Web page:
By George Harvey
In 1952, Bob Therrien bought the Melanson Company, which had been in the roofing business in Gardner, Massachusetts for about twenty years, and moved it to Keene, New Hampshire. The company has continued in the roofing business, operated by members of Therrien’s family ever since.
The Melanson Company has changed quite a lot since 1952, however. For one thing, it expanded, opening new offices in other places, notably Bow, New Hampshire; Rutland, Vermont; and Bennington, Vermont. It also went into other lines of work, though all were related to things that are “on top” in much the ways roofs are. It has branched into work on dropped ceilings and acoustical tiles. It also branched into HVAC, leading to branching into precision manufacture fabrication and machining to support installation of ductwork.
Meanwhile, John Kondos had founded and run a solar installation company, also in Keene. He had started working in solar energy in the 1970s, and was intimately knowledgeable on just about every aspect of the trade. He was well aware of the problems associated with poor quality equipment manufactured in the early days, and spent time working on improvements. He already had decades of experience when Solar Source was founded in 2005, both in photovoltaics (PVs) and solar thermal water heating.
Since solar PVs are so often installed on rooftops, it was one of those things that was “on top,” making it interesting to Rob Therrien, son of Melanson’s founder. And so he acquired Solar Source, making it a division.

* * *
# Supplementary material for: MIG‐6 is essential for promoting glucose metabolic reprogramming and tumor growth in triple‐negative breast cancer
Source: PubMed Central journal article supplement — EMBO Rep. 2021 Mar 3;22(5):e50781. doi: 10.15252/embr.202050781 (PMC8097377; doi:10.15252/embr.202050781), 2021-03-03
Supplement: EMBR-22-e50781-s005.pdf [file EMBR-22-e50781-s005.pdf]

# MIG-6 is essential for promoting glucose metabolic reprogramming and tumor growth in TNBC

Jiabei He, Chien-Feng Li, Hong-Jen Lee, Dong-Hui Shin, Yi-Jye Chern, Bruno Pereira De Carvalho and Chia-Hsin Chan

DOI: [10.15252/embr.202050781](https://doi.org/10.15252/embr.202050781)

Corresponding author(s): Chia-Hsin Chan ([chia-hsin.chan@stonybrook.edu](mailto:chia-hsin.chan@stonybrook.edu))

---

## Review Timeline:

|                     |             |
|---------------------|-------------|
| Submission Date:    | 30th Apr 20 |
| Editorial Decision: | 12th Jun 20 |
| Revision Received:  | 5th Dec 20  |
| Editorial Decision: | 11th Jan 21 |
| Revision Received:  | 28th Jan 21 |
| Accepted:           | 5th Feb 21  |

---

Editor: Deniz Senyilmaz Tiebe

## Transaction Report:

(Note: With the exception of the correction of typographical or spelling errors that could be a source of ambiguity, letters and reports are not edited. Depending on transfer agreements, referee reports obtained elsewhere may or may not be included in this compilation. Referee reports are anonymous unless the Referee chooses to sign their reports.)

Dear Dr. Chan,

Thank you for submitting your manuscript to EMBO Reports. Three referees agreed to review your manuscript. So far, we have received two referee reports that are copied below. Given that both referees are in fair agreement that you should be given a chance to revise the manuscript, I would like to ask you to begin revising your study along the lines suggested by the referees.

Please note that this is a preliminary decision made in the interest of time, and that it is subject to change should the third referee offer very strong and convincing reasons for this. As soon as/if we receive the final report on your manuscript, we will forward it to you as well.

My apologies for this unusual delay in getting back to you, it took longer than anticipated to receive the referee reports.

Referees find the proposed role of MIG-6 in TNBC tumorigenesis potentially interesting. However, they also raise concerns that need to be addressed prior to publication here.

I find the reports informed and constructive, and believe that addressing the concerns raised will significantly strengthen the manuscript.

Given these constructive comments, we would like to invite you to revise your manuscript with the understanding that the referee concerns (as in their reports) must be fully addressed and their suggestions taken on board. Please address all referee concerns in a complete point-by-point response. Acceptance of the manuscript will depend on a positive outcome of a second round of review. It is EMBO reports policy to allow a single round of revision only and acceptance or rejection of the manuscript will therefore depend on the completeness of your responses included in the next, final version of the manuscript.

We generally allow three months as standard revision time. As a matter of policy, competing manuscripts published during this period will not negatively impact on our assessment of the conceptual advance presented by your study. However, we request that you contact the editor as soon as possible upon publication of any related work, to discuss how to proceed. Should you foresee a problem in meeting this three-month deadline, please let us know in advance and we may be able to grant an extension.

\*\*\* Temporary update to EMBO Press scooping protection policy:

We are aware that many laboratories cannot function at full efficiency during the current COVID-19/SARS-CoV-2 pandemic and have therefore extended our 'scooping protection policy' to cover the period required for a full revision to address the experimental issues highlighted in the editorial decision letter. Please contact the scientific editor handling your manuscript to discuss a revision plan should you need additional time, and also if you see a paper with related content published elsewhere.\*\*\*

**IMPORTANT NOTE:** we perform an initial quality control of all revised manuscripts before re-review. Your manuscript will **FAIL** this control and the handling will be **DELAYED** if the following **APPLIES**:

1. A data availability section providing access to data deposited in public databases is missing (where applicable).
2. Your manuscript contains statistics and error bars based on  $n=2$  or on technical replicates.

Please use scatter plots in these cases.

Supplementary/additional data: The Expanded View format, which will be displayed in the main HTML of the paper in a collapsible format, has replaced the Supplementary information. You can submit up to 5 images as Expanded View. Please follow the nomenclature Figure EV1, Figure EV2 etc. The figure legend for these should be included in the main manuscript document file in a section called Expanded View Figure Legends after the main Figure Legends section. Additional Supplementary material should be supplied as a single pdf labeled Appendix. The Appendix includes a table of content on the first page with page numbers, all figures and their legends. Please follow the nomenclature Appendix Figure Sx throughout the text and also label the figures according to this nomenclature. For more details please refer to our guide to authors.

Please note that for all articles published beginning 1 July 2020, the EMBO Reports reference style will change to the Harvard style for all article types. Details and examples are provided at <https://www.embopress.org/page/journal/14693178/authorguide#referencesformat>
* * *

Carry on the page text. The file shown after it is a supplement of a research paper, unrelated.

Solar Source is a system designer and installer. Rooftop installations require a certain amount of understanding of roofs, which puts Solar Source into a perfect position to do work with an eye to the best overall system possible, including the roof on which the system sits. Solar Source has installed systems ranging from 2 to 128 kilowatts. The company still works on solar thermal installations, as well.
Craig Bell, the general manager of Solar Source, likes to point out that Solar Source has relationships with customers that go beyond what is necessary or usual. For one thing, the company is still maintaining is ability to install thermal collectors and heaters. Many companies have moved away from this side of their work because it requires a different set of skills from what PV installers have and the market is not as large.
Another thing that sets Solar Source apart is that the company takes an active interest in heat pumps. This is not just providing for extra electricity to drive the heat pumps, but managing the heat pump installation, for which Solar Source calls in experienced electricians and plumbers as needed.
The one aspect of the company that is perhaps most impressive is the degree to which customers are directly involved throughout the entire process of installation. Bell says, “We are customer service driven, responding to inquiries in the most timely fashion.” During all stages, during planning, including addressing the issues of rebates and incentives, through other planning and design process, and throughout installation, the customer is kept informed and questions are answered.
Bell is very hopeful about the future of solar for residents of New Hampshire. While the state had net metering for some time, not many people could take advantage of it, because it required the solar panels to be on the same land as the meter that was being credited with their output power, and it restricted them to 15 kilowatts. In 2013 the state enacted a law providing for group net metering. This allows a utility customer to band together, building a solar garden of up to 100 kilowatts, at a common site remote from their meters. This has the advantages of making it possible for people without a good site to get one and of providing reduced costs because of a common installation.
The Solar Source’s phone number is 603-352-4232. The website is www.solarsourcene.com.